For more information on the above prize-winners (with links to each vendor), see TechTV’s Best of CES 2004 page.
CNET’s Best of CES Awards
The biggest winner related to Windows in CNET’s top 10 was the Sony Vaio X505 ultra-ultralight laptop. It’s shown at right in the photo, with the Vaio TR2 subnotebook on the left for comparison. Weighing only 1.7 pounds (0.77 kg) and a mere 0.86″ (22 mm) at its thickest point, the X is for Extreme. CNET calls it “the most compelling notebook at the show.” It’s currently selling only in Japan or at Dynamism.com, a specialty import site that offers it for $2999 after rebate.
Another Windows-related winner was the Creative Zen Portable Media Center, the only item on the CNET list that also won one of TechTV’s awards (see that list, above). This portable media player was held up as cool new technology by Bill Gates during his CES keynote address.
The other items on CNET’s list are more audio-video entertainment oriented than computer oriented, but any one of CNET’s winners might be the perfect thing for an unanswered need in your office or home:
• Sharp Aquos LC-45GD1U. At 45″ diagonal (114 cm), this is the largest LCD flat-panel TV on the planet, CNET says. The unit’s 1920 x 1080 display will allow HDTV programming to be displayed at its native resolution and enable important corporate PowerPoint presentations to look, well, important. The monitor’s big-ticket price tag is expected to be double that of a plasma screen of similar size, however.
• DirecTV HD DVR. With a 250 GB hard drive, two satellite tuners, and two ATSC (terrestrial) tuners, this TiVo-driven unit will be able to record two high-definition programs at once.
• Samsung HT-DB390 Home Theater System. Using Bluetooth, the rear amplifier gets its audio signals without any wires running across the room from the main receiver. About $500, it’s expected to be available within a couple of months.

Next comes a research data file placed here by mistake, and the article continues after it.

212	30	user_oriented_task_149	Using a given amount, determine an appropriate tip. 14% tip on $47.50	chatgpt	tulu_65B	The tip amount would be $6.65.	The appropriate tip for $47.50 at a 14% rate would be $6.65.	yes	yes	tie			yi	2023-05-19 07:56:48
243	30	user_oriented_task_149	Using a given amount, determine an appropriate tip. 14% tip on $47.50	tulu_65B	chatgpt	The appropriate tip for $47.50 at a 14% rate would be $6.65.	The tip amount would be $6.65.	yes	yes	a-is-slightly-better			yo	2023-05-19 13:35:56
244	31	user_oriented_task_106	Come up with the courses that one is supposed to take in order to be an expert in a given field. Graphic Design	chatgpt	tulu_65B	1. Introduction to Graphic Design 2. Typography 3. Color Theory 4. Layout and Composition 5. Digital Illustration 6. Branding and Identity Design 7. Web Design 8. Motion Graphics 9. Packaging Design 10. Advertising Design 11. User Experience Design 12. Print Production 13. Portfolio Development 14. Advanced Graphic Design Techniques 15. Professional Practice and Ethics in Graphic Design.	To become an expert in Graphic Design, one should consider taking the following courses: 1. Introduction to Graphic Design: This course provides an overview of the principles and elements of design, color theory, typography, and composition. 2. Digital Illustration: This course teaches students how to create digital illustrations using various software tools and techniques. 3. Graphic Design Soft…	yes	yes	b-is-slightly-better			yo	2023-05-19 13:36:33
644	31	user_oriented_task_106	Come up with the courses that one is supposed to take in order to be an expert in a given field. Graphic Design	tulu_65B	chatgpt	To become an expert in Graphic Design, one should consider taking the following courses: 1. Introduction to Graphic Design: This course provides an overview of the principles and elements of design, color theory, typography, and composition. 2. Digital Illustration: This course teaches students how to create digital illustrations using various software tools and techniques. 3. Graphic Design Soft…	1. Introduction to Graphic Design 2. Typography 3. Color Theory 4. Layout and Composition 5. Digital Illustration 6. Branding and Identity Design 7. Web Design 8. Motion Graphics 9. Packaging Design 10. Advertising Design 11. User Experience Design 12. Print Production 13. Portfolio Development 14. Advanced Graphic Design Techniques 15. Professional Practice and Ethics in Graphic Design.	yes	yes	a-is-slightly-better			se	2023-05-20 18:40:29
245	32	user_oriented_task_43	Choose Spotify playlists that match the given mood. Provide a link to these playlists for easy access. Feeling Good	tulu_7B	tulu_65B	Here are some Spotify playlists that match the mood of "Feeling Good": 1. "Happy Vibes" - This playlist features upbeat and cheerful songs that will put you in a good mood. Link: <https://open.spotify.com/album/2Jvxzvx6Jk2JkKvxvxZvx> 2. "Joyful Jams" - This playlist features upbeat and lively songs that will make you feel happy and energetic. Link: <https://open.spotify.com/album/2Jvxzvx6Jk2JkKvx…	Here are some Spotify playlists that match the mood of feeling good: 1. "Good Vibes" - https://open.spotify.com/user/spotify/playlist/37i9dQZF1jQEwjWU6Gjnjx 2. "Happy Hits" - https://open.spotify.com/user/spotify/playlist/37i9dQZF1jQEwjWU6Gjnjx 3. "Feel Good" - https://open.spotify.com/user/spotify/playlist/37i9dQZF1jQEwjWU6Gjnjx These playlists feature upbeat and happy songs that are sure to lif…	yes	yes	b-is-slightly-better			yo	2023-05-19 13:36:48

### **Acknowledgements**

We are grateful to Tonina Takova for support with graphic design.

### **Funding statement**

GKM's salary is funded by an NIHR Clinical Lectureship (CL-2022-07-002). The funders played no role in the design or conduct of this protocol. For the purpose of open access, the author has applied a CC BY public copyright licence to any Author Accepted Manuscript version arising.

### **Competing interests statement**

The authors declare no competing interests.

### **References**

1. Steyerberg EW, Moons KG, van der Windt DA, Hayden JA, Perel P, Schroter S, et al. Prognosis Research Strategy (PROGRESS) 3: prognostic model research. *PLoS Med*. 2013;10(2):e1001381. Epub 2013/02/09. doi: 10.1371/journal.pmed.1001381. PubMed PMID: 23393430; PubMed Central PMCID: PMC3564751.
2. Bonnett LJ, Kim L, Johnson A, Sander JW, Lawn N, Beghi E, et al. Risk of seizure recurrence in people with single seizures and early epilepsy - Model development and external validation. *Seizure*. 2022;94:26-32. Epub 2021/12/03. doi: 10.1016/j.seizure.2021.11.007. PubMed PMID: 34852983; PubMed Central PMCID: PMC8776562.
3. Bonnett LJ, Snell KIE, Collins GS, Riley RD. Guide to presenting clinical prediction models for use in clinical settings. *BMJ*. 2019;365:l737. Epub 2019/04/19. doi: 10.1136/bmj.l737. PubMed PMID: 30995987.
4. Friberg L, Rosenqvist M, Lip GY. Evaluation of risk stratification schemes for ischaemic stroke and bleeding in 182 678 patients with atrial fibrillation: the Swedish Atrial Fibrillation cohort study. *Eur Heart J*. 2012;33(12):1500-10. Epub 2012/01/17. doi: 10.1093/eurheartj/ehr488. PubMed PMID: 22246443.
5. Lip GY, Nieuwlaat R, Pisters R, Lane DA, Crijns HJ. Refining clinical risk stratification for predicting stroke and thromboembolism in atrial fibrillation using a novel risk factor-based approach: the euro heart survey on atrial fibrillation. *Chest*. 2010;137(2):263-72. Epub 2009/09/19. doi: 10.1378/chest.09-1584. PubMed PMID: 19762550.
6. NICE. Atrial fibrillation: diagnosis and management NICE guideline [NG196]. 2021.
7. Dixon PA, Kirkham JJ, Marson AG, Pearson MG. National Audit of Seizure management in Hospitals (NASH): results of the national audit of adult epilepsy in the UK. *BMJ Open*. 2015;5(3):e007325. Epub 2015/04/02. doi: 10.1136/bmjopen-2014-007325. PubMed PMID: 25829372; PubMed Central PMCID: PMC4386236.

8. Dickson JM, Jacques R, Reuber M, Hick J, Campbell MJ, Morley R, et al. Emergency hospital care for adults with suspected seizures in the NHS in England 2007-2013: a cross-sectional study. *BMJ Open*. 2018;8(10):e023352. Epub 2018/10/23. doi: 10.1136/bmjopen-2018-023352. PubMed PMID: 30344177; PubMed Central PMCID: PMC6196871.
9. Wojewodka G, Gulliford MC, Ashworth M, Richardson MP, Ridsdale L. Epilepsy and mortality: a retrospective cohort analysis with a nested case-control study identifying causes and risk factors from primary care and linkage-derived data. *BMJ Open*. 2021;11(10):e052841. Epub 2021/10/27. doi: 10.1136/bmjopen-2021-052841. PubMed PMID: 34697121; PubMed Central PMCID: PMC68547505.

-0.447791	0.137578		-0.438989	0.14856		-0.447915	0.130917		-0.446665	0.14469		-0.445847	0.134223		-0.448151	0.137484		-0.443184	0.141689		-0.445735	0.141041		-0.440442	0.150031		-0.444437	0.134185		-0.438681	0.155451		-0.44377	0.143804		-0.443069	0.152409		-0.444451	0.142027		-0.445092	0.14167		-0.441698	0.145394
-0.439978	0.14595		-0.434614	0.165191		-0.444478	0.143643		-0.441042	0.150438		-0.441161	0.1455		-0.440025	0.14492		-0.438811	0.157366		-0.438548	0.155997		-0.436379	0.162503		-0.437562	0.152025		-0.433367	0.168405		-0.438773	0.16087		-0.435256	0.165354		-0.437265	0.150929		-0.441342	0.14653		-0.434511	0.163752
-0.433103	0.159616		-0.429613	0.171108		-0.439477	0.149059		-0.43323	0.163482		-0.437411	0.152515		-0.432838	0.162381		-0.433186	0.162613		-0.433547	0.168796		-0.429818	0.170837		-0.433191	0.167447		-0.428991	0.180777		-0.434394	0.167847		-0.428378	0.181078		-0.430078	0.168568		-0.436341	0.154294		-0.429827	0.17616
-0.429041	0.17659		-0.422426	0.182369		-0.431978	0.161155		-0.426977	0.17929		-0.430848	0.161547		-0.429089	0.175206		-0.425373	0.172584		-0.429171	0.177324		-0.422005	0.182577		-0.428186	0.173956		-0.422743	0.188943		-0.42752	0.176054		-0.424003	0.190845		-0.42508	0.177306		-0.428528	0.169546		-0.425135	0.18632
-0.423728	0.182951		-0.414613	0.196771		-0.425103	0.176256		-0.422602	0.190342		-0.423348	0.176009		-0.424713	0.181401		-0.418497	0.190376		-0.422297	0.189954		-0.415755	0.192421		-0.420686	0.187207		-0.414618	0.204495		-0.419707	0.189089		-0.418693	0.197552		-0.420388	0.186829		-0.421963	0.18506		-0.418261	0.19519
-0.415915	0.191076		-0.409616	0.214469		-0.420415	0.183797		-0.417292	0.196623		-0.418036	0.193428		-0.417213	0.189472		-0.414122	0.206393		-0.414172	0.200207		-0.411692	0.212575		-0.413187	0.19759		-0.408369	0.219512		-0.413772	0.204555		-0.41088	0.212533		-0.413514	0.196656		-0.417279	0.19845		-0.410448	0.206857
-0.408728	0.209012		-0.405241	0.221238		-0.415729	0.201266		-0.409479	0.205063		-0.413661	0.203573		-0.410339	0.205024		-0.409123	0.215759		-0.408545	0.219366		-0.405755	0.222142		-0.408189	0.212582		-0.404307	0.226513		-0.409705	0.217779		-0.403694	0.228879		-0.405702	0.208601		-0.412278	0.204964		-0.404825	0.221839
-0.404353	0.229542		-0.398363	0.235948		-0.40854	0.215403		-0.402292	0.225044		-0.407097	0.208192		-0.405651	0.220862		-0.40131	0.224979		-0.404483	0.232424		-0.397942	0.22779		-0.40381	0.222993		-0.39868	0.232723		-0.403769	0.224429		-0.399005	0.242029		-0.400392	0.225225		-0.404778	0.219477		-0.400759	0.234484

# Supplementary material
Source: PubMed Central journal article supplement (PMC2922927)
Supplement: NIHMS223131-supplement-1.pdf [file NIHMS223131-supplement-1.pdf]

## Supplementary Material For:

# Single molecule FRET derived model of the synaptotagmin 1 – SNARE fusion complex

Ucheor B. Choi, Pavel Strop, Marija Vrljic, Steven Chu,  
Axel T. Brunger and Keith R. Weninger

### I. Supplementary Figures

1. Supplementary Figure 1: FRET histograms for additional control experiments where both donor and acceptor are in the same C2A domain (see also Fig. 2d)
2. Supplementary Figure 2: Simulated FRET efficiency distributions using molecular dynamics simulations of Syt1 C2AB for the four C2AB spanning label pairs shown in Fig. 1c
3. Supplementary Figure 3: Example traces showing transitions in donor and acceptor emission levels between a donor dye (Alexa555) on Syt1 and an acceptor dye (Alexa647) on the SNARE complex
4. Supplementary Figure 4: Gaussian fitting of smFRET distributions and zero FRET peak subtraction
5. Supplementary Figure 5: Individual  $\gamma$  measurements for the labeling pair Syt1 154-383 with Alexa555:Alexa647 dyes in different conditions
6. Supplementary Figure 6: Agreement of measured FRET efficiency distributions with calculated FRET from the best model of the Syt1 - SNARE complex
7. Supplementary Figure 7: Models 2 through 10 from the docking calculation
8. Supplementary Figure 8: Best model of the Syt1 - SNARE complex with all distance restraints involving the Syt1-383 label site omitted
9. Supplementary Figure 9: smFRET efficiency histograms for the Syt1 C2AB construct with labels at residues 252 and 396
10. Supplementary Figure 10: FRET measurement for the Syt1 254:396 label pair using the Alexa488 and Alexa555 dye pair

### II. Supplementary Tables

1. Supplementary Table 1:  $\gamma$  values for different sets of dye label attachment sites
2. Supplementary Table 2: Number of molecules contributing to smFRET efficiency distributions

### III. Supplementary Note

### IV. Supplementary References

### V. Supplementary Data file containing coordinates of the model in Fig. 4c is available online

• Panasonic PV-GS200 Digital Camcorder. The most portable three-CCD camera, according to CNET. It’s expected to list for under $1,000.
• Panasonic SV-AV50 D-Snap Multi AV Device. Like a Swiss Army knife of multimedia, this slick little baby weighs only 4 ounces (0.55 kg) but is a camcorder and camera with 2-megapixel resolution, an MP3 and AAC player, a voice recorder, and a VCR with a 2″ (5 cm) foldout screen.
• Roku SoundBridge. A digital audio receiver that connects to a PC using Ethernet or 802.11b. Models list for $250 to $500.
• Archos Gmini 220. A tough competitor to the new Apple iPod Mini, the $350 Gmini has a 20 GB hard drive and can archive digital files onto CompactFlash cards without a PC.
• Toshiba 0.85-Inch (2.16 cm) Hard Drive. This runs head-on against Hitachi’s 1-inch 2 GB and 4 GB drives, but should make waves because even the small difference of 0.15 inches can be important in the development of tiny devices.
For more views on CES’s best – and all the rest – visit CNET’s CES 2004 report.
I myself collected lots of background information on Windows-related stuff at CES – including some unannounced products that I can’t talk about yet. I’ll clue you in on these in future issues of Brian’s Buzz. In the meantime, to send me more information about the above topics, or to send me a tip on any other subject, visit WindowsSecrets.com/contact.